Welcome to the land of symbols, imagery, and wordplay. Before you travel any further, please know that there may be some thorny academic terminology ahead. Never fear, Shmoop is here. Check out our "How to Read a Poem" section for a glossary of terms.
This is an obvious one image for "Goblin Market." After all, the poem is about eating fruit and then wanting for more. The poem opens with a list of 29 different kinds of fruit (yes, we counted). What are you supposed to do with that kind of variety? The level of detail in the poem is often overwhelming, and it's hard to take in all at once. So what's all the fruit doing in the poem? Is it just about temptation? Or does it do something else? That's part of the fun of the poem – it keeps you guessing.
- Lines 9: The goblins use a metaphor to describe the fuzz on their fresh peaches that makes the peaches seem like human faces, with "cheeks."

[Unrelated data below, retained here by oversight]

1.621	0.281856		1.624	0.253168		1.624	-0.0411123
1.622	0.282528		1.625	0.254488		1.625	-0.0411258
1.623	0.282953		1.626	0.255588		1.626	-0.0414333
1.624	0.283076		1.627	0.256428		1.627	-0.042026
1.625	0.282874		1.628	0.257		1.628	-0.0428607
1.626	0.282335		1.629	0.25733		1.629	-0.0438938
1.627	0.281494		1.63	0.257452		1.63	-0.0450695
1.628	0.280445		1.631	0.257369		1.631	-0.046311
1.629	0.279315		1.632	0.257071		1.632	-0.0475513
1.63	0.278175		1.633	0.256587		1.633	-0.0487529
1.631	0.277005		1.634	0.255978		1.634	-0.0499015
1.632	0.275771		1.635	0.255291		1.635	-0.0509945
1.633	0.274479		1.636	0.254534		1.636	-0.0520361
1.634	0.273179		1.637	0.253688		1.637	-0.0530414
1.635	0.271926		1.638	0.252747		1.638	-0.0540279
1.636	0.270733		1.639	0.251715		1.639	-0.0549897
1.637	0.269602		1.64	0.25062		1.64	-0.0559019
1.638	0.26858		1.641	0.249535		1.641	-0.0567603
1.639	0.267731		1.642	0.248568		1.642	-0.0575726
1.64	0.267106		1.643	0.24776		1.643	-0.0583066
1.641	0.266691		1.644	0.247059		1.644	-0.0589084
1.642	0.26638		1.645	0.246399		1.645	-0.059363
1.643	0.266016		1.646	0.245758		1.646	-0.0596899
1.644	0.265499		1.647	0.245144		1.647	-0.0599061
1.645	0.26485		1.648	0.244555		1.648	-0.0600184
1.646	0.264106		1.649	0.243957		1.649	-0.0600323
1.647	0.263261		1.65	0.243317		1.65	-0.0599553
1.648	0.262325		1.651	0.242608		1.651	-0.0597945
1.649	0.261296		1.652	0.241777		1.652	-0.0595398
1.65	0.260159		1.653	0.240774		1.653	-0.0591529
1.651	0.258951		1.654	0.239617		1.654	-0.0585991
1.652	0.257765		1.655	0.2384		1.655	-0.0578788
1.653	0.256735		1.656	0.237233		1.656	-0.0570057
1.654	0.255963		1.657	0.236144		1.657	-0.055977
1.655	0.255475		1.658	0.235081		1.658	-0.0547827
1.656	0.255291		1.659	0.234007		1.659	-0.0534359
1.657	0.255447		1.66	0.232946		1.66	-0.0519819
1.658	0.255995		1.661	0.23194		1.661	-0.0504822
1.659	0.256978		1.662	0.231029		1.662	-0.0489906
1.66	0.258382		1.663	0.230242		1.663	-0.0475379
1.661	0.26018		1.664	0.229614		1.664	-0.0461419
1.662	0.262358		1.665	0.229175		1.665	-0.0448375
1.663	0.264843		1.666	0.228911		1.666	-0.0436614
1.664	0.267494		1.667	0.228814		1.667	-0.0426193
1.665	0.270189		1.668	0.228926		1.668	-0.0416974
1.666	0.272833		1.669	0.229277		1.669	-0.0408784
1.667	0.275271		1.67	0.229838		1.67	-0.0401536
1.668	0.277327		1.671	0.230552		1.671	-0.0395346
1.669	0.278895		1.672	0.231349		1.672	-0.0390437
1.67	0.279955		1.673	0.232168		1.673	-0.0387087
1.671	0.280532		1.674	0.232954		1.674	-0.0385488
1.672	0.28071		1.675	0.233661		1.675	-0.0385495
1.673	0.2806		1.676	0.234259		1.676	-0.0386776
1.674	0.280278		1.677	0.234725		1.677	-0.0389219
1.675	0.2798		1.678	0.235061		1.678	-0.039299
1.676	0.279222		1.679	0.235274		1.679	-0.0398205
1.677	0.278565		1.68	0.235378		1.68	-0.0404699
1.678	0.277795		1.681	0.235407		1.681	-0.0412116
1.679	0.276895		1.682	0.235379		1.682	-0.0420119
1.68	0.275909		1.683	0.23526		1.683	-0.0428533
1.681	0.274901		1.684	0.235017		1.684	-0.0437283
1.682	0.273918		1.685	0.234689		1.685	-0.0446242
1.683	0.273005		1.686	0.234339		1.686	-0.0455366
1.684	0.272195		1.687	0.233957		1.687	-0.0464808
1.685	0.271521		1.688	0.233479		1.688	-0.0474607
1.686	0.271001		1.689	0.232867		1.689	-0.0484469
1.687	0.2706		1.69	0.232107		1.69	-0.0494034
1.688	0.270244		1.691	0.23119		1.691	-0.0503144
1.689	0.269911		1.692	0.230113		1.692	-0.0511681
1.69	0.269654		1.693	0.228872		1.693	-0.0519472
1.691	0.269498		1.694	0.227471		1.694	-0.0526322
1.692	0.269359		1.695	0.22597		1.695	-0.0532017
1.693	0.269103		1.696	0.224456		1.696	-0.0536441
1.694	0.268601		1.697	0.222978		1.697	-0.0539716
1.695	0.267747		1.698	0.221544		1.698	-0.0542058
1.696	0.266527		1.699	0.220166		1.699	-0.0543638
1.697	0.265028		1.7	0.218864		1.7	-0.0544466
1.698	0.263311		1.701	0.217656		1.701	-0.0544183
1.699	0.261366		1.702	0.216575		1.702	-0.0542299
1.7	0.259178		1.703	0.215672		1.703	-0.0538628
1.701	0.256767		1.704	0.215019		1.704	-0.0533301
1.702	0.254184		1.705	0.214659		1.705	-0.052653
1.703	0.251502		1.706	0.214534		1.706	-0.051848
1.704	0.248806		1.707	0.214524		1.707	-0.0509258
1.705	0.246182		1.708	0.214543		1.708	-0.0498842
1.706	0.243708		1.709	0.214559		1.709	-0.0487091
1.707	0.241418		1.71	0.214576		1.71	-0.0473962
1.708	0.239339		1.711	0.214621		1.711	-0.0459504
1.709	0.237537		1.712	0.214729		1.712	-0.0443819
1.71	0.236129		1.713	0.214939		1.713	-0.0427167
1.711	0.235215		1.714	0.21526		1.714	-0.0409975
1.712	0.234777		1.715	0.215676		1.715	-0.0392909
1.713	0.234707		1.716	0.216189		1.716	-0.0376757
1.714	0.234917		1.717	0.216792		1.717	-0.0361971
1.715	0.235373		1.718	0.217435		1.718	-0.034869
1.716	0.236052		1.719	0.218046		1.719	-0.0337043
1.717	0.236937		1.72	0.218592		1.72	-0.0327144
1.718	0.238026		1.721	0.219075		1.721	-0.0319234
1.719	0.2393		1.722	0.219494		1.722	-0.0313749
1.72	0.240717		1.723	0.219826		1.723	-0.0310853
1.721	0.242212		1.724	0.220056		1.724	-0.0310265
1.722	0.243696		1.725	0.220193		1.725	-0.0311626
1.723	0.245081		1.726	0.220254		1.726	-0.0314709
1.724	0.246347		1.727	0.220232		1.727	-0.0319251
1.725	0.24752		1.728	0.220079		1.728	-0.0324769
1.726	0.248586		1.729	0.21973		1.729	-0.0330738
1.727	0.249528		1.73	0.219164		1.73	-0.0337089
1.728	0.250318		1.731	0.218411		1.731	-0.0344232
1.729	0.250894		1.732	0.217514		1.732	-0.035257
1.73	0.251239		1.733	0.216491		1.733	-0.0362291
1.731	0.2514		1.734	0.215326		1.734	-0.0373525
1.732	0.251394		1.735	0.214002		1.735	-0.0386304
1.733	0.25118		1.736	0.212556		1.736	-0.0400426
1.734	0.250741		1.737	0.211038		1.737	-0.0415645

- Lines 43-45: In these lines, Laura talks about the "hungry thirsty roots" of the fruit trees feeding on some unknown soil.
- Line 406-407: Here, the intense imagery of the goblins trying to force-feed their fruits to Lizzie underscores the violence of the scene.
- Lines 415-417: Lizzie is compared to an "orange-tree" being pollinated by "wasp and bee[s]" through an elaborate simile. Does this sound kind of sexual to you? It is probably supposed to.
For the first hundred years after it was written, "Goblin Market" was read almost exclusively as a children's poem about the importance of sisterhood and sisterly heroism. In fact, you can still find greeting cards with the final lines of "Goblin Market" written in them. Just check out the "sister" section of a rack of birthday cards, and you might find one. But what's going on with these two sisters? All of the similes suggest that the two of them are virtually interchangeable, and yet one of them succumbs to the temptation of the goblin fruit, while the other stands firm.
- Lines 184-186: This simile compares the two sleeping sisters to a pair of "pigeons in one nest."
- Line 188: Laura and Lizzie are compared to "two blossoms on one stem" in this simile. Are they twins?